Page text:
I am in favor of all forms of renewables. Wind is the best we have. Solar is coming on strong. Wave and tidal power have barely even started the early phases. I stare at the graph of installed wind power in the US over the past 40 years and see the growth leap enormously in the past 5 years, and I am moved deeply. Wind energy has been economical for decades, but met with scorn and ridicule. They said it was uneconomical. Intermittent. Couldn’t be large scale. Provided only a tiny fraction of demand. I dreamed of gigantic windmills dotting the rural countryside, gently, quietly, and cleanly powering our lives in large numbers. I got a chance to see them last year as I helped haul an electric vehicle to the Automotive X-prize. I saw the windmill farms in Wyoming, Iowa, and Illinois. Those were only an impossible dream 40 years ago. Now they are providing 20% of the electric energy in two states and quite a few foreign countries. They said it was impossible. I knew it was possible 30 years ago. Martin, keep the faith. It is for those of us who feel so deeply and strongly about the future of this planet.

    When I hear people say we must destroy our planet for greed, I get a gut reaction. Its the home to all of us. I only make one request. Share, and treat each other well.

    Now … as far as wind intermittency is concerned, if you research, you will find that it is not much of a problem when it is used at 20% of total capacity. In fact as greenman has been showing, when so many large wind farms are online, that is not the problem.
    The chance that all those turbines over a 600km range drop below a given capacity at once is so low, it is getting much more like fossil fuel sources. What you see when you read technical Power reports is that grid stability, and overcapacity (wasted without storage) are much bigger problems, but engineers are working on them. See some of those to other greenman videos to understand this story. The other side of the coin, is that load varies daily and seasonally. Every power company is trying to fill in the demand curve. Why is wind power their number one choice? Fuel cost. It doesn’t go up. They aren’t saying wind is impossible anymore. I am seeing every objection melt. The latest, wind is not a good energy source in the southern states. Aw, heck. They just signed contracts for a huge amount of wind energy from Iowa. Notice which states have big wind exports? There is huge wind potential in Nebraska and Kansas. Why are Iowa and Texas beating them? It has nothing to do with the viability of wind in those states. The competition is on. Now wind will shake the leaves of the tallest trees.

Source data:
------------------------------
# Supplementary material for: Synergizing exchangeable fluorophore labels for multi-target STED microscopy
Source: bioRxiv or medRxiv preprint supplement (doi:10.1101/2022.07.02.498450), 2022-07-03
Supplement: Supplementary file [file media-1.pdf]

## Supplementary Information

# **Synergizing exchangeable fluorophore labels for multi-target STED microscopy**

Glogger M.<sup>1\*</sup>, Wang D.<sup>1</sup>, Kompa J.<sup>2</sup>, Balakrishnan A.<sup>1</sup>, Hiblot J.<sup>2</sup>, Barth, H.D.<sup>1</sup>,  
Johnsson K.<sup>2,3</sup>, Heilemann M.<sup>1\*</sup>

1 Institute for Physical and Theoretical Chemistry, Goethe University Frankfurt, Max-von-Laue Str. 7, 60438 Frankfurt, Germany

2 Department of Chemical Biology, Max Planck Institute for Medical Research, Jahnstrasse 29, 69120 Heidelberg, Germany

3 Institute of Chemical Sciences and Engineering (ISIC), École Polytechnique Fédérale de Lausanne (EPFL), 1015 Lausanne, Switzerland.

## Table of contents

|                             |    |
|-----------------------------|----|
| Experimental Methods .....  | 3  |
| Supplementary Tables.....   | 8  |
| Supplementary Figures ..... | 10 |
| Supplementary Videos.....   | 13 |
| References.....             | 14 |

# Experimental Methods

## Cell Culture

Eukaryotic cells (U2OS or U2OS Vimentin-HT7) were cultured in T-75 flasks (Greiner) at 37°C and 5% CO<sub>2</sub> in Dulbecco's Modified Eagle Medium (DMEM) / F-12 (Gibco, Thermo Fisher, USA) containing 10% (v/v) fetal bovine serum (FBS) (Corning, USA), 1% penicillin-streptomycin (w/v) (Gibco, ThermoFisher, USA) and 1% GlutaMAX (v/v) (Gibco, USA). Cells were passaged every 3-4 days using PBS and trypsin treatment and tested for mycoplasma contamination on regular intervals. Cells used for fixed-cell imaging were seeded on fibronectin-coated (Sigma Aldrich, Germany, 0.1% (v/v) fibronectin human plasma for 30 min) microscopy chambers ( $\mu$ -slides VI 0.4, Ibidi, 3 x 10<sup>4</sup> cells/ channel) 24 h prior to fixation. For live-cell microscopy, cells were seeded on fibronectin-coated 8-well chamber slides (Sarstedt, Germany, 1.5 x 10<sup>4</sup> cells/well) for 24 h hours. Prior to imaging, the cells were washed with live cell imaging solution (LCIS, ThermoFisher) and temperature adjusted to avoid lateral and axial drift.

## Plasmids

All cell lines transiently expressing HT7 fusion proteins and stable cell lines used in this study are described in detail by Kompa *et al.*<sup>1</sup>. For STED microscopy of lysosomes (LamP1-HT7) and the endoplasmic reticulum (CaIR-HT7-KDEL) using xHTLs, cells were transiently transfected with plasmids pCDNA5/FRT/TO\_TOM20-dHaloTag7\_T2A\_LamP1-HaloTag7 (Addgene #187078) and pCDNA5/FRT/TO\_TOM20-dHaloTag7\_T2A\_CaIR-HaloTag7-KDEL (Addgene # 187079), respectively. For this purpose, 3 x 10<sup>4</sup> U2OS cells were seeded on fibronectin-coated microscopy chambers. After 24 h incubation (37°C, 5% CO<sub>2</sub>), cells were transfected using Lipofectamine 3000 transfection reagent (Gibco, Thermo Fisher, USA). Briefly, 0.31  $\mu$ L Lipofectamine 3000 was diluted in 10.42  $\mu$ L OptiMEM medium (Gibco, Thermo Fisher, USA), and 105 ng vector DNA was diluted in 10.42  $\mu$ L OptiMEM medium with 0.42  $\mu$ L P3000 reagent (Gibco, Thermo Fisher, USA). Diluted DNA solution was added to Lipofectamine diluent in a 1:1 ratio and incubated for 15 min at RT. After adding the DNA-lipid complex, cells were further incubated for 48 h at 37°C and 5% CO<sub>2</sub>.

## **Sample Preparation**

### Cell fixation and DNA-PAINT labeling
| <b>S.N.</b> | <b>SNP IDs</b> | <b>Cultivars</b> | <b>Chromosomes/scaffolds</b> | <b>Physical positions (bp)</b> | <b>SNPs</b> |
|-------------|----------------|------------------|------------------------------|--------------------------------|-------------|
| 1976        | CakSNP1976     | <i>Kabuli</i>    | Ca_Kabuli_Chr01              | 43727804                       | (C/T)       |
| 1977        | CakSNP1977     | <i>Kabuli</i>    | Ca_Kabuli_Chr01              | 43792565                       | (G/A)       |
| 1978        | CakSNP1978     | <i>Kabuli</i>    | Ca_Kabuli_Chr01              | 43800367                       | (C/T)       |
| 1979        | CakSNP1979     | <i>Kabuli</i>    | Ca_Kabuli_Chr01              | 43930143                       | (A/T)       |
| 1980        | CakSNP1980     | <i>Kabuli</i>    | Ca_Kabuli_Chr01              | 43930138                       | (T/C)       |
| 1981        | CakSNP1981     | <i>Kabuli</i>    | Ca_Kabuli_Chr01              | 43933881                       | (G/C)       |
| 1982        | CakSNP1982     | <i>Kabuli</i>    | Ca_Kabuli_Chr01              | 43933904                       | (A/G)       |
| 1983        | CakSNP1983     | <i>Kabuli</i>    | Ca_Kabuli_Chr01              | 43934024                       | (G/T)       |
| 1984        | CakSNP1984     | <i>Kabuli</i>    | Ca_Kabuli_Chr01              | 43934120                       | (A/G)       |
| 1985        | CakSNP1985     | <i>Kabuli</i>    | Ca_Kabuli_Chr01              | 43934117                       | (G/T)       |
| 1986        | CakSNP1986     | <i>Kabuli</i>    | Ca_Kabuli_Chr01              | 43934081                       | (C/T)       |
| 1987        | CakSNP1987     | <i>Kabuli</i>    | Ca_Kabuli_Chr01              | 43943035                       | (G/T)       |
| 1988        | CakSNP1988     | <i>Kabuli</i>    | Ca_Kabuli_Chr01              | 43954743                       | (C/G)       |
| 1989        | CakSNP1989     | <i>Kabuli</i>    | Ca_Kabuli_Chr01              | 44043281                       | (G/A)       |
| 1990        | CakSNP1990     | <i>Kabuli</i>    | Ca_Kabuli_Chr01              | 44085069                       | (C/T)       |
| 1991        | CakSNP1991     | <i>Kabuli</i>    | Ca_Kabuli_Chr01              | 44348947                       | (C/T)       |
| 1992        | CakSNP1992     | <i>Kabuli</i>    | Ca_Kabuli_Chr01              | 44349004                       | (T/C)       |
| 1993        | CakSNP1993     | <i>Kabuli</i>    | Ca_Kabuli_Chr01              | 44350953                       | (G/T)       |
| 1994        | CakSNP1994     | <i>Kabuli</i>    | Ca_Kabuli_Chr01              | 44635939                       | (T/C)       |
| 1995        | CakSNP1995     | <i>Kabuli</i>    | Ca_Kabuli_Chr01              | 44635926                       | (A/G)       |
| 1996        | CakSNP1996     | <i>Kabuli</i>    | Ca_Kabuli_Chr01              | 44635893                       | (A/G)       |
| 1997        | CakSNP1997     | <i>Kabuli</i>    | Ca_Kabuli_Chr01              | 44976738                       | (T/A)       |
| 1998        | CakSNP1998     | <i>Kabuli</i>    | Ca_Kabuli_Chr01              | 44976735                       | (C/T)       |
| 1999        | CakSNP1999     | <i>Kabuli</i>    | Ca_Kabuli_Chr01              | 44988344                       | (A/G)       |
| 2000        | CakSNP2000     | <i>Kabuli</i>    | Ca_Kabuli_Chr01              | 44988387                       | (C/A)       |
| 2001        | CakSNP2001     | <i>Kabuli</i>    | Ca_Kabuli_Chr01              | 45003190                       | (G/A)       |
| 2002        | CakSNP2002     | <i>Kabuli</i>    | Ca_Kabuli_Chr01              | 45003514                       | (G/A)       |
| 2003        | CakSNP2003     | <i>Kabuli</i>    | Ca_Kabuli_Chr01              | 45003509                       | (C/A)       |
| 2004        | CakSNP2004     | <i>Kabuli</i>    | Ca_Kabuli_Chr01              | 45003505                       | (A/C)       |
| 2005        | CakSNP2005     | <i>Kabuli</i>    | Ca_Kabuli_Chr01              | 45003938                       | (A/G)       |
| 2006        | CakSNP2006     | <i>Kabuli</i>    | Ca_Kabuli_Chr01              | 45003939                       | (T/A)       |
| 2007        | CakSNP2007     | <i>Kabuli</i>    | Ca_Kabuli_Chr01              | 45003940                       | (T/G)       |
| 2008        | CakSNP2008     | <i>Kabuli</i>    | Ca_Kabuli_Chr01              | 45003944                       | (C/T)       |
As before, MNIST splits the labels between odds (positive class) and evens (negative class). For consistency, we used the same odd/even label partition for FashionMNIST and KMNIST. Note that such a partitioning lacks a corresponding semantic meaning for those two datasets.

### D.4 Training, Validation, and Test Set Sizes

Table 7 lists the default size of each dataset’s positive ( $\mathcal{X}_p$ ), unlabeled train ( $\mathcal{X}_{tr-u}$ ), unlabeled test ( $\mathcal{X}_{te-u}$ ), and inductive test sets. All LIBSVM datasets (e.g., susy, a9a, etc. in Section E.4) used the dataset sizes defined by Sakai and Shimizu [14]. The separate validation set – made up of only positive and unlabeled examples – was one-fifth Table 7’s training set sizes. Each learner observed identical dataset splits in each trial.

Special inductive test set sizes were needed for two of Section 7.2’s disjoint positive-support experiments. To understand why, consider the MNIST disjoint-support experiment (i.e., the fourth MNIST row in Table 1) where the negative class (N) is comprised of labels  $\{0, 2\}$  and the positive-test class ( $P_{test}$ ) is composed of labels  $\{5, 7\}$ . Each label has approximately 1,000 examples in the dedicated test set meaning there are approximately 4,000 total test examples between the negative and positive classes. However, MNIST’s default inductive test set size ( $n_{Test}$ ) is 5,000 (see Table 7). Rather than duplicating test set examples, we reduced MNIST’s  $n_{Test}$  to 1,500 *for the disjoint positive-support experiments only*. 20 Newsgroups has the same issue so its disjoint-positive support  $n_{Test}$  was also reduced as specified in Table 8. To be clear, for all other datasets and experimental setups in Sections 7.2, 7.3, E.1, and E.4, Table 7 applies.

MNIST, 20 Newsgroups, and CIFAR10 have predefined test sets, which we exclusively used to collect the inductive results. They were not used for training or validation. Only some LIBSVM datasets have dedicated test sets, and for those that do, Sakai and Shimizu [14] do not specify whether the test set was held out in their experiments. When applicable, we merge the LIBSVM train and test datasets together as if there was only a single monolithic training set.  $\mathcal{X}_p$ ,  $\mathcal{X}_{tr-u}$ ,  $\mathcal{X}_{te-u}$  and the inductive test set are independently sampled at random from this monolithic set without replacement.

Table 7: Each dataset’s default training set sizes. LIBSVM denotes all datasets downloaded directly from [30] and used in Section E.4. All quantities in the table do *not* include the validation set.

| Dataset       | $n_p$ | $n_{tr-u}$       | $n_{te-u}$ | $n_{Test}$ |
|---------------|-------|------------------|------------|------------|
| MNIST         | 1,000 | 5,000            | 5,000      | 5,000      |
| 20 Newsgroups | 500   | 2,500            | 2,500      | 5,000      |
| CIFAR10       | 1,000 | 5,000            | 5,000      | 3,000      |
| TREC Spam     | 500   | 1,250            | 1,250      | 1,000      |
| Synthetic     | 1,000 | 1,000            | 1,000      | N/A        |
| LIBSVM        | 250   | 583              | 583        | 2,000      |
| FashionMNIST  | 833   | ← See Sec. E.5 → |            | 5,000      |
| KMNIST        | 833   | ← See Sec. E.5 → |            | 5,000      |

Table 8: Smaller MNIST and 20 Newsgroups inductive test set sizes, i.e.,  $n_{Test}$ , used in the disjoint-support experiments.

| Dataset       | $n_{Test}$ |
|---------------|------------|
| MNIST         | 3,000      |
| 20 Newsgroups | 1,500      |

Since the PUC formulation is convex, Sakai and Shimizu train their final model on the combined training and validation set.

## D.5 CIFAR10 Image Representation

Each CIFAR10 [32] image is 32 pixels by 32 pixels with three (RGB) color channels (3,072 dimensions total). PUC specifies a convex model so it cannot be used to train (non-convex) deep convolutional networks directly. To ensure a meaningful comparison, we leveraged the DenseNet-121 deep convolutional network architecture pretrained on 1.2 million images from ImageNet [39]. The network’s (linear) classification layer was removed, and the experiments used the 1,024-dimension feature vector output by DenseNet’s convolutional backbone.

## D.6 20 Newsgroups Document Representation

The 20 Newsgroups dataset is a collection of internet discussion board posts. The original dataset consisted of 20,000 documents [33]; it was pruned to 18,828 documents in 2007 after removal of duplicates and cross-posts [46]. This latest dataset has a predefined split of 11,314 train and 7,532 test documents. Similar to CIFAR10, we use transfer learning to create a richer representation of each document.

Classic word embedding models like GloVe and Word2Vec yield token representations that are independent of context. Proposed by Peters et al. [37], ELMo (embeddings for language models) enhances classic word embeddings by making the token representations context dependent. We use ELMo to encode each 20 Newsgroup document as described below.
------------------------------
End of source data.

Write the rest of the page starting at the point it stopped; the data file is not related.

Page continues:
• Martin_Lack Says:

      Thanks Christopher. You make the case for Wind power extremely well. My cynicism is clearly misplaced and David MacKay’s simplistic approach does indeed appear flawed.

  7. BlueRock Says:

    I didn’t work it all out as quickly as you, but I strongly agree with everything you say. Great to see someone else as passionate and informed about this as me (he said immodestly!).

    > Wind is the best we have. Solar is coming on strong.

    But they also compliment each other. For example, here in the UK our wind resource is stronger on average at night than and during the winter – so wind + solar are a perfect team (backed up by hydro, biomass, HVDC connection to mainland Europe, etc.)

    > …as far as wind intermittency is concerned, if you research, you will find that it is not much of a problem…

    I find it baffling how so many people cannot grasp that e.g. 1000 wind farms distributed over 250,000 sq. km. (area of the UK) is *not* intermittent but highly reliable. Or they seem to believe they are the first person to realise that the wind stops blowing in a location occasionally.

    > The chance that all those turbines over a 600km range drop below a given capacity at once is so low, it is getting much more like fossil fuel sources.

    Yup:

    * “Low wind speeds affecting 90% or more of the UK would occur in around one hour every five years during winter” http://www.eci.ox.ac.uk/publications/downloads/sinden05-dtiwindreport.pdf

    The future is windy and bright. :)


  8. This is late, but I cannot resist. MacKay’s numbers on nuclear vs. wind area are whack. See this paper for enlightenment.

    http://www.rmi.org/Knowledge-Center/Library/2009-09_FourNuclearMyths

    http://thinkprogress.org/romm/2010/12/29/207151/nuclear-power-running-on-fumes/

    • Martin Lack Says:

      There may be some truth in what Lovins says but the problem is that his opposition to nuclear power is probably manufactured for ideological reasons. Furthermore, I have not seen anyone address the other points raised by James Hansen in Storms of my Grandchildren in favour of Fast Neutron Reactors, namely that the nuclear waste legacy and proliferation risks exist but both would probably be well on the way to being eliminated by now if we had not given up on the technology 25-30 years ago.